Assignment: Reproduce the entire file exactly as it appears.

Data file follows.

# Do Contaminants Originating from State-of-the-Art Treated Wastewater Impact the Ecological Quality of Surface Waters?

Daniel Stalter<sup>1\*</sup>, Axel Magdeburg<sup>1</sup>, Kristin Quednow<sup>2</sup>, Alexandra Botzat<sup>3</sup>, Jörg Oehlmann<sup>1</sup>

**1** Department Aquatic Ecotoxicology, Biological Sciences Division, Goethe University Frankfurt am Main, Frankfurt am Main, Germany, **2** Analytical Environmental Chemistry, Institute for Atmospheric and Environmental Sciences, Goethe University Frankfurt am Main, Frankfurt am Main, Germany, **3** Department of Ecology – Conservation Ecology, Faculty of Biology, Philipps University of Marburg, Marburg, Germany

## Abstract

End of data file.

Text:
# Do Contaminants Originating from State-of-the-Art Treated Wastewater Impact the Ecological Quality of Surface Waters?

Daniel Stalter<sup>1\*</sup>, Axel Magdeburg<sup>1</sup>, Kristin Quednow<sup>2</sup>, Alexandra Botzat<sup>3</sup>, Jörg Oehlmann<sup>1</sup>

**1** Department Aquatic Ecotoxicology, Biological Sciences Division, Goethe University Frankfurt am Main, Frankfurt am Main, Germany, **2** Analytical Environmental Chemistry, Institute for Atmospheric and Environmental Sciences, Goethe University Frankfurt am Main, Frankfurt am Main, Germany, **3** Department of Ecology – Conservation Ecology, Faculty of Biology, Philipps University of Marburg, Marburg, Germany

## Abstract